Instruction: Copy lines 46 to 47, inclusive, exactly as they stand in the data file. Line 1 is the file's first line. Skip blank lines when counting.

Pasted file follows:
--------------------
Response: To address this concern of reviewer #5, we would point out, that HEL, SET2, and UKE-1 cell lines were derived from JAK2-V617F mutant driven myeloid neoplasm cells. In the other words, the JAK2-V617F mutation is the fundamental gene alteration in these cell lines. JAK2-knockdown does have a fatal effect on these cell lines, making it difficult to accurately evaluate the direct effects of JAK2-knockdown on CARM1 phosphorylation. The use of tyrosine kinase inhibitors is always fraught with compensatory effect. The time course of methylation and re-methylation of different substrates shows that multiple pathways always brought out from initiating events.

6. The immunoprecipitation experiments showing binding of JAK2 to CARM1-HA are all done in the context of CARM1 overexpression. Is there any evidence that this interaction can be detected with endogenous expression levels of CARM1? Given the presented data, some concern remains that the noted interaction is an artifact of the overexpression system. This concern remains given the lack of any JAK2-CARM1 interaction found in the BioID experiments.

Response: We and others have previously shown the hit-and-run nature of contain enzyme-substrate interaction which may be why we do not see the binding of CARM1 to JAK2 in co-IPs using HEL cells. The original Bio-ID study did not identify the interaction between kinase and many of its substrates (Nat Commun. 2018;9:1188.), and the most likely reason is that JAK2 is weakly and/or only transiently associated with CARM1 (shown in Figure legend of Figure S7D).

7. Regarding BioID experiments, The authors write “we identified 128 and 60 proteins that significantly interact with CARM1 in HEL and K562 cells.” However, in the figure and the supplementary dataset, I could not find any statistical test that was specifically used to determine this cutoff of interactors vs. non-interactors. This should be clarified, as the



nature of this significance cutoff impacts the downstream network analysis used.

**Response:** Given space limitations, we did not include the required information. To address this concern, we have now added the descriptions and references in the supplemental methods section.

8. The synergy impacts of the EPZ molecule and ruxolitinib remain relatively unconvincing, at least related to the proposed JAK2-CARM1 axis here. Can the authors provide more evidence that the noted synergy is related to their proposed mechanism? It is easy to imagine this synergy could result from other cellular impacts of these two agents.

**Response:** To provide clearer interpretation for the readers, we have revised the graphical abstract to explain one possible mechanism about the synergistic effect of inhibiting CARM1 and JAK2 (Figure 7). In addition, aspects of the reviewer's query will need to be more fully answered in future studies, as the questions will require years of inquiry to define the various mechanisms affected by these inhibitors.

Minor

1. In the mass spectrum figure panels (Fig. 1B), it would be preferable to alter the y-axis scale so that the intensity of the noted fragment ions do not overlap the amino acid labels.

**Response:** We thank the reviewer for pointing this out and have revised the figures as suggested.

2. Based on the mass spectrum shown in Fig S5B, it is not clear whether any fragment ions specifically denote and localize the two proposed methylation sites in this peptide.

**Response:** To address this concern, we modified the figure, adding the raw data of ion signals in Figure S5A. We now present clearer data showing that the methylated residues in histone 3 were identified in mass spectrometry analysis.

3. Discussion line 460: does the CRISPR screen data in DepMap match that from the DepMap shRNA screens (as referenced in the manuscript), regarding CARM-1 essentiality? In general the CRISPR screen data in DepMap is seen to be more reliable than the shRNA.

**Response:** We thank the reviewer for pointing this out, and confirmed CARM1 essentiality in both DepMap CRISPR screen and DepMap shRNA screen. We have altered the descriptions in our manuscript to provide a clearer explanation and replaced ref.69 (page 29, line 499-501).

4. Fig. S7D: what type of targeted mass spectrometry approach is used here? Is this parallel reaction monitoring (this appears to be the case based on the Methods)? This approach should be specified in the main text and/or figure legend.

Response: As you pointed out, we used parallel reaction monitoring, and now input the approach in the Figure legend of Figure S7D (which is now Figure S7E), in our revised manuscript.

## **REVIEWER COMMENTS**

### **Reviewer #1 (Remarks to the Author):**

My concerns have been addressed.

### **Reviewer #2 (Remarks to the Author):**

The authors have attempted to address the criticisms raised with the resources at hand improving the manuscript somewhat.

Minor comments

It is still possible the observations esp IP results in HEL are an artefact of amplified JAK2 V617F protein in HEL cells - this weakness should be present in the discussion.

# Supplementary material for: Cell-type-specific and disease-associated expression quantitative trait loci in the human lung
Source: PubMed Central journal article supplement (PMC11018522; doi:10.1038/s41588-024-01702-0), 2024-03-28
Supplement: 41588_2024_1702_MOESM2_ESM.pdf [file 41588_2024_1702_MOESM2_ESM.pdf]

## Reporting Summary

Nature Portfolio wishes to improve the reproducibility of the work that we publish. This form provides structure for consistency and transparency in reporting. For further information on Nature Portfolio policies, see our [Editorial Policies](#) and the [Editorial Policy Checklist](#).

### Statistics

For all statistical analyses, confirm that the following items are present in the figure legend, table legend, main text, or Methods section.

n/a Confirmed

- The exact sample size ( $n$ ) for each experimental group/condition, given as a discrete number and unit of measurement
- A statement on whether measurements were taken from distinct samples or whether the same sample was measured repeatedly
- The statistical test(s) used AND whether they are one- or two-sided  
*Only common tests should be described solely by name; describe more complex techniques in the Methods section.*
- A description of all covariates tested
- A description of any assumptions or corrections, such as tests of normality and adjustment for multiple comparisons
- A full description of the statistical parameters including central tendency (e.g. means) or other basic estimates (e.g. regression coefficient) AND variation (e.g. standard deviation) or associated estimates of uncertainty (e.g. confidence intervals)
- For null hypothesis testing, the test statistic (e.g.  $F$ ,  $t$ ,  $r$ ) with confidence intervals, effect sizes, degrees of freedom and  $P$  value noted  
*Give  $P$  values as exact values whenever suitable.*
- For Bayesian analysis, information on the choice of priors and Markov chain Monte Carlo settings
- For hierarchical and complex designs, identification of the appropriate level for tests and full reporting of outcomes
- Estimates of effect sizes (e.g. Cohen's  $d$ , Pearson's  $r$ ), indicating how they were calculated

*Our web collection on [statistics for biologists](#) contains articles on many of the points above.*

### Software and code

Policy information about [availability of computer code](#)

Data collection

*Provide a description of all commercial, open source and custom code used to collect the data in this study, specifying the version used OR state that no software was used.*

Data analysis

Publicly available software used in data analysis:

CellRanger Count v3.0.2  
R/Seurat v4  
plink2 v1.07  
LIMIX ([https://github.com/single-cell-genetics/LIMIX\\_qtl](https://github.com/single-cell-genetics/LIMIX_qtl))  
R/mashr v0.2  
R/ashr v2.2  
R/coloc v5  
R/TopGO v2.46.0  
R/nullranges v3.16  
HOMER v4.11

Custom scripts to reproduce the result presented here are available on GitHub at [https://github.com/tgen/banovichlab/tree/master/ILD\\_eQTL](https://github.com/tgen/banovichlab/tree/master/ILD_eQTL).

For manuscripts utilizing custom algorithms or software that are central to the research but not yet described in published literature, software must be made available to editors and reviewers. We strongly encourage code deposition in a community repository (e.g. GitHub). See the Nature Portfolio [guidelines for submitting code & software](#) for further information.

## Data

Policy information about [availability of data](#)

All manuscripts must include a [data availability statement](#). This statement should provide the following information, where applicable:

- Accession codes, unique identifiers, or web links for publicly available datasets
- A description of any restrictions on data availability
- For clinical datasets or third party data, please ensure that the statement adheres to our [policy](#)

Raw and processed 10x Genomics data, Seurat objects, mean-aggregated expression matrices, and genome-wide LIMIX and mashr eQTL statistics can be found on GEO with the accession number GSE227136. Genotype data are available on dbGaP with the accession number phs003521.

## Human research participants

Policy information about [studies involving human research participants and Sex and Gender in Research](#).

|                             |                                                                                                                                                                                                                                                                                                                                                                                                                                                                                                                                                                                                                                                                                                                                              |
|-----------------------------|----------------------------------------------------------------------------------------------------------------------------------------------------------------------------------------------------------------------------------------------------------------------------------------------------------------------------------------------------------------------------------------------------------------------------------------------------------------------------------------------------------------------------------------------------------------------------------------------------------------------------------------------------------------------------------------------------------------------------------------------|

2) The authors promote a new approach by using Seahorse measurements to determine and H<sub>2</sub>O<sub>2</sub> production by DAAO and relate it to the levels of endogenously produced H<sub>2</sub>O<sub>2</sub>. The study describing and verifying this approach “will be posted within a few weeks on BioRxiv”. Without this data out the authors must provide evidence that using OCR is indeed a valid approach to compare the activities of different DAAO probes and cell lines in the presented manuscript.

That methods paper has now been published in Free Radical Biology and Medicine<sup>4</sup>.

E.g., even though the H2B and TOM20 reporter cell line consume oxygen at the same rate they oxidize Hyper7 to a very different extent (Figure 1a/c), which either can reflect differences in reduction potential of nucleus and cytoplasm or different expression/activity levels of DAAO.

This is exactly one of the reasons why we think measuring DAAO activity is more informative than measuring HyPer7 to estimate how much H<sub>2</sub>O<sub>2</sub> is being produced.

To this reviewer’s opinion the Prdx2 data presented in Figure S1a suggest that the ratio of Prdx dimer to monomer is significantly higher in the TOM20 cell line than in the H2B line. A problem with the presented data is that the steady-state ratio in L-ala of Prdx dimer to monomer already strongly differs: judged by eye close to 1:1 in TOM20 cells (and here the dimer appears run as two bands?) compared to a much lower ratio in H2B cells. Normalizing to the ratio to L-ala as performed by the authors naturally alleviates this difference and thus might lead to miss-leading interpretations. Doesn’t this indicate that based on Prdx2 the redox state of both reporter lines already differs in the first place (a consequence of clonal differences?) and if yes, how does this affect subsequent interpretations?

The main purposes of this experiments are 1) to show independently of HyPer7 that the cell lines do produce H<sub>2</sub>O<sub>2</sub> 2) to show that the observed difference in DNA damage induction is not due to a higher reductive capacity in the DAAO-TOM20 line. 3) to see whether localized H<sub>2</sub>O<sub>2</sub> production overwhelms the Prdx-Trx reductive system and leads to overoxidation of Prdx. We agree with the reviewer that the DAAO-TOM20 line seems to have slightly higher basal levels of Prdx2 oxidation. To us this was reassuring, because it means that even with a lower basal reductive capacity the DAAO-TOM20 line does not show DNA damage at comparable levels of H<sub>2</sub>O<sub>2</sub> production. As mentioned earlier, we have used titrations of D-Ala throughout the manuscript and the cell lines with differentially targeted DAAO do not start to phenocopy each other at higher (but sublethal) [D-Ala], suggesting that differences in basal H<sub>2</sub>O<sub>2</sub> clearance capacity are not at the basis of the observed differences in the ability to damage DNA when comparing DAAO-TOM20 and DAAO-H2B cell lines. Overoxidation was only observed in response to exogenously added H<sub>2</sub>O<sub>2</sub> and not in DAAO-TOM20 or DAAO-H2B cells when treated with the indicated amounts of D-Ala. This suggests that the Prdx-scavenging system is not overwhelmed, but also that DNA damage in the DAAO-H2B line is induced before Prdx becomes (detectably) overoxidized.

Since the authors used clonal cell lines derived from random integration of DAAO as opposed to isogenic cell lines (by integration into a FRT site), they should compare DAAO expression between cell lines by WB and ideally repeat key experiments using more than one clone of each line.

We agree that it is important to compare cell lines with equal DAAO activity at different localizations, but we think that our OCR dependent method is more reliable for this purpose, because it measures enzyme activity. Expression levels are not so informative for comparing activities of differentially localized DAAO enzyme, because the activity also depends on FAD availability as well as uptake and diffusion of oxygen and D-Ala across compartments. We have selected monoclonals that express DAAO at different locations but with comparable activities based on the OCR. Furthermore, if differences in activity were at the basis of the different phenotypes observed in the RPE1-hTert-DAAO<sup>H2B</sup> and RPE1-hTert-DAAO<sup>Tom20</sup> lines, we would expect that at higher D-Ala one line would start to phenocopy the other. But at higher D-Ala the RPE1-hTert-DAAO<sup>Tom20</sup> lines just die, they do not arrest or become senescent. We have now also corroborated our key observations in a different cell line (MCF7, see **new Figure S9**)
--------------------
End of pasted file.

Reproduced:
### Software and code

Policy information about [availability of computer code](#)